HMY Victoria and Albert III was also used by George V, Edward VIII and was withdrawn after George VI’s coronation Fleet Review of 1937. Although decommissioned in 1939, it was used as a depot ship during the Second World War and in 1954 broken up and replaced by HMY Britannia.
Queen Alexandra, 1844-1925

Punting on the River Thames at Boulter's Lock,
near Maidenhead.

All photos from Queen Alexandra’s Christmas Gift Book, Photographs from my camera,
Daily Telegraph,1908.

*His Majesty’s Yacht

Tuesday, 26 September 2017

A visit to Marseille and its stunning MuCEM, by Carol Drinkwater

                                                               Museum and Fort

Although I live but an hour's drive from Marseille, France's principle Mediterranean port and second largest city, I do not visit it all that frequently. This month, however, I had the opportunity to spend an entire day there and I decided to dedicate most of that precious time to a first visit to MuCEM. If you have been then you will understand my excitement, if you haven't, it is a must.

What is MuCEM? It is the Museum of the Civilisations of Europe and the Mediterranean.  (Le Musée des Civilisations de l'Europe et de la Méditerranée). It was conceived in 2000 as part of the seven-billion-euro Euroméditerannée redevelopment of the city's dock areas.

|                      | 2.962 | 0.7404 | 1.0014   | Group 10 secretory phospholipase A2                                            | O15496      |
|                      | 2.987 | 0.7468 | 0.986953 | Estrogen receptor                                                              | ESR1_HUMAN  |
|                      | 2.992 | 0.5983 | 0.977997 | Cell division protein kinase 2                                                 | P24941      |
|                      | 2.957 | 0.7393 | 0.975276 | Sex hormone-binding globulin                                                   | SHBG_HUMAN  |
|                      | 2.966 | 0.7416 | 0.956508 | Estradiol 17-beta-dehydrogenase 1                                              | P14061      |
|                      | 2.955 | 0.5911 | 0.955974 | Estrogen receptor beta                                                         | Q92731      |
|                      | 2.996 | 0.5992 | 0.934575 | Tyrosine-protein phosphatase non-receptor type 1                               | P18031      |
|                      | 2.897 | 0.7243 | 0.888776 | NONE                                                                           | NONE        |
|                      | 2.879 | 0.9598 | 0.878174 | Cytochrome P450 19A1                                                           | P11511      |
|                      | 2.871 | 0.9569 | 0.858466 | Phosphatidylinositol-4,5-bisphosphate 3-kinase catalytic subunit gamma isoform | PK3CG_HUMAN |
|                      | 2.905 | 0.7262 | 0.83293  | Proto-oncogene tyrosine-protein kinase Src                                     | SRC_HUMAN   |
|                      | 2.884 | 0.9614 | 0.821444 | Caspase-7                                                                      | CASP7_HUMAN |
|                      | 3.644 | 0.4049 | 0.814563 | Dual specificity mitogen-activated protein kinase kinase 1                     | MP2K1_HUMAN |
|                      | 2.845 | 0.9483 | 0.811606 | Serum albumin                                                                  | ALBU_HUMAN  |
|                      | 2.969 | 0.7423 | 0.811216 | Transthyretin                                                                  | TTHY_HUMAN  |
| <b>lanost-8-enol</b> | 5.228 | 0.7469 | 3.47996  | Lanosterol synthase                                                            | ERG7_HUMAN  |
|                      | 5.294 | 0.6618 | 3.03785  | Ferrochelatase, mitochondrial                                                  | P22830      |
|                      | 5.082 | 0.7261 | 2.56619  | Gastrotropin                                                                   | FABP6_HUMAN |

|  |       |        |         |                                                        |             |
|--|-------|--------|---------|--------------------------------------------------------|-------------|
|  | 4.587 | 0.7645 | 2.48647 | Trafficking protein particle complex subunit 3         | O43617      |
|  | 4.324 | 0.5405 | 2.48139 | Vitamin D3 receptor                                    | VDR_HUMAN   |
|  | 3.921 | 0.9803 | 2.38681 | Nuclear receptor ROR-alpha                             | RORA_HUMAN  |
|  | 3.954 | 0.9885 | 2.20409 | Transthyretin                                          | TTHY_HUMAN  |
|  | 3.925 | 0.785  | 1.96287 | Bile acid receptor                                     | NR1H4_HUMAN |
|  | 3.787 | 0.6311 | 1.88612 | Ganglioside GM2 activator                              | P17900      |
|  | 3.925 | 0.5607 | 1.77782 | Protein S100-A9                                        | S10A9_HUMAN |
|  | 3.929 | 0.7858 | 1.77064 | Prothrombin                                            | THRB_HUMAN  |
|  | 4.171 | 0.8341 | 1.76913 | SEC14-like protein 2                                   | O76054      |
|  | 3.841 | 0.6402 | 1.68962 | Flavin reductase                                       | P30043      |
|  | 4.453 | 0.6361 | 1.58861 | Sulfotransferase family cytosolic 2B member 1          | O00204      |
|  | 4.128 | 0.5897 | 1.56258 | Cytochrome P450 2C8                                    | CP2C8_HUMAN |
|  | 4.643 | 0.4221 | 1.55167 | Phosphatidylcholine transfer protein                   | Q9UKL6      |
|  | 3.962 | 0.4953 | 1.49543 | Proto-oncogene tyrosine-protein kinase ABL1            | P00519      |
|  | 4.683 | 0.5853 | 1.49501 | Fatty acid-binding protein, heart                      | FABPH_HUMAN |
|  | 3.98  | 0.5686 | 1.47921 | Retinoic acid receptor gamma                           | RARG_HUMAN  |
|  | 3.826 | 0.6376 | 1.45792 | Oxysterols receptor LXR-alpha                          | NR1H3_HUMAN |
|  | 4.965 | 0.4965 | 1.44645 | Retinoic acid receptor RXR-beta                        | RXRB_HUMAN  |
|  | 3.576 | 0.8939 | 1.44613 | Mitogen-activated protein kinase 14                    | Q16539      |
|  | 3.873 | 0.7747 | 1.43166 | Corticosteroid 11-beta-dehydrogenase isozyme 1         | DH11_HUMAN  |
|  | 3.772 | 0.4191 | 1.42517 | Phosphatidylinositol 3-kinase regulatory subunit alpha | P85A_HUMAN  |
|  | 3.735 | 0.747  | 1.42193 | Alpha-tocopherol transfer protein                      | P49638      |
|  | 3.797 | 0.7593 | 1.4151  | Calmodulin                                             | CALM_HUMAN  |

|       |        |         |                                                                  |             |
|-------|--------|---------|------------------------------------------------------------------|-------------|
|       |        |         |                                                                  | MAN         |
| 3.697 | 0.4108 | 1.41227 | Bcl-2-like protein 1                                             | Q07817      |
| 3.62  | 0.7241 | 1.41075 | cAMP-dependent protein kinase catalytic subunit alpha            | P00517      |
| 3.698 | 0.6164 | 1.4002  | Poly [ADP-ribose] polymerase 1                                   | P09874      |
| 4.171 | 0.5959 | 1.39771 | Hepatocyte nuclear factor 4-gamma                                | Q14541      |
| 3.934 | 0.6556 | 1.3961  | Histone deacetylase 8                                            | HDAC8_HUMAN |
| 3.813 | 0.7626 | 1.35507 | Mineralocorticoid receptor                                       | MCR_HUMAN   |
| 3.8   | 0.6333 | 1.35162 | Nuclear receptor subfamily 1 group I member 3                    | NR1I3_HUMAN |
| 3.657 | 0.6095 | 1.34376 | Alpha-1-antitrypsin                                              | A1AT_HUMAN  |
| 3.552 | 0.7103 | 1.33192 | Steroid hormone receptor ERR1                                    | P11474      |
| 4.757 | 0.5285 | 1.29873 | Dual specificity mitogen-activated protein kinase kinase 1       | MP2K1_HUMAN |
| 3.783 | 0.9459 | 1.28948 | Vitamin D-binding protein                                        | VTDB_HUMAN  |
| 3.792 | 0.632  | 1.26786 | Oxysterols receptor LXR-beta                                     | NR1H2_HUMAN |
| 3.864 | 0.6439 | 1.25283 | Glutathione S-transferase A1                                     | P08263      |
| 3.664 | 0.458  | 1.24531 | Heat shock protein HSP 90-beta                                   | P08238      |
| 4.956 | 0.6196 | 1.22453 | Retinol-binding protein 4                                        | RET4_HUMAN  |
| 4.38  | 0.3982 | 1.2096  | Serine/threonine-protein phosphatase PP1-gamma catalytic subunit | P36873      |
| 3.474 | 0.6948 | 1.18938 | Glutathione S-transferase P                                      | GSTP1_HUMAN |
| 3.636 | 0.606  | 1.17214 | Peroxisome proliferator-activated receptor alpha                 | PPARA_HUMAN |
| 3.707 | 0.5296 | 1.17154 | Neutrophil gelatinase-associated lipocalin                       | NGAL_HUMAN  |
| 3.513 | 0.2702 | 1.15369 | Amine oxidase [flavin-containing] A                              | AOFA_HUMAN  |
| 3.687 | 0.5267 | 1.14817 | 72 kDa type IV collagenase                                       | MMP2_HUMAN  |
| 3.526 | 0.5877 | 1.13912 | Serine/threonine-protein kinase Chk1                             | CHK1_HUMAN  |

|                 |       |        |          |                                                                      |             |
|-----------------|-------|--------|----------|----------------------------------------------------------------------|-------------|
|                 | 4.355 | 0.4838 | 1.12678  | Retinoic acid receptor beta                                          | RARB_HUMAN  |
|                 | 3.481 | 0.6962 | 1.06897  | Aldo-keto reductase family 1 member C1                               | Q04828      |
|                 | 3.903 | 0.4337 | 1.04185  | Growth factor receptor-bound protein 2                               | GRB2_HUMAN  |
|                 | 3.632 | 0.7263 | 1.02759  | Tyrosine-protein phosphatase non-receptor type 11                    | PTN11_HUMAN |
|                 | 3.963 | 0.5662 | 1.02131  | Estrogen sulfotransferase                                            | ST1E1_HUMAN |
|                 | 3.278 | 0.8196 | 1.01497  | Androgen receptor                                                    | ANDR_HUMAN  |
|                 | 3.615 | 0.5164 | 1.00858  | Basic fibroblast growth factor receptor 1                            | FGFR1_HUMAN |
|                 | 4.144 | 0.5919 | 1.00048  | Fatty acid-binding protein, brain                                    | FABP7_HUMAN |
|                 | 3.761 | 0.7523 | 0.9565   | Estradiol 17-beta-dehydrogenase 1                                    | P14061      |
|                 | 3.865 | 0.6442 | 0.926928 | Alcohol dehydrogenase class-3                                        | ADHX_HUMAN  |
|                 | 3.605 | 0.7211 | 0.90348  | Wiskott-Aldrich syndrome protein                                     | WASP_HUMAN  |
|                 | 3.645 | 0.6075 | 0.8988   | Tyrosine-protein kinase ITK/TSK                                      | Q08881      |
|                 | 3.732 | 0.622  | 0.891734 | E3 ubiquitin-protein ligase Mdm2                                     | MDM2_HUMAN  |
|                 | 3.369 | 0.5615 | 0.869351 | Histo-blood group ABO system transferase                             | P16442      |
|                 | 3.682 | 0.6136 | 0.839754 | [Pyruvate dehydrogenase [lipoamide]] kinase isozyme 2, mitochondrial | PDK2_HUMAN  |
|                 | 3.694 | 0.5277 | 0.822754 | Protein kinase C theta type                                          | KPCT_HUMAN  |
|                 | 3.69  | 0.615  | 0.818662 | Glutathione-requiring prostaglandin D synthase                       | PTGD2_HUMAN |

It was built alongside and integrates several medieval stone structures. The complex is situated on the waterfront at the far extreme of the western arm of Marseille's huge and very splendid harbour. 
MuCEM was opened on 7th June 2013 to celebrate Marseille as European Capital of Culture, 2013. It is the first museum anywhere to be dedicated to the culture of the Mediterranean.

There is so much that is remarkable about the place that it is hard to know where to begin to describe it. Its architectural brilliance is what struck me first and, of course, its location. I spent hours, literally hours, wandering around the old stone Fort St-Jean built in 1660 on a site previously occupied by the Knights of St John, hence its name. The fort guards the entrance to the Vieux Port and sits across the water from the cuboid museum, which is accessed by a high-flying footbridge.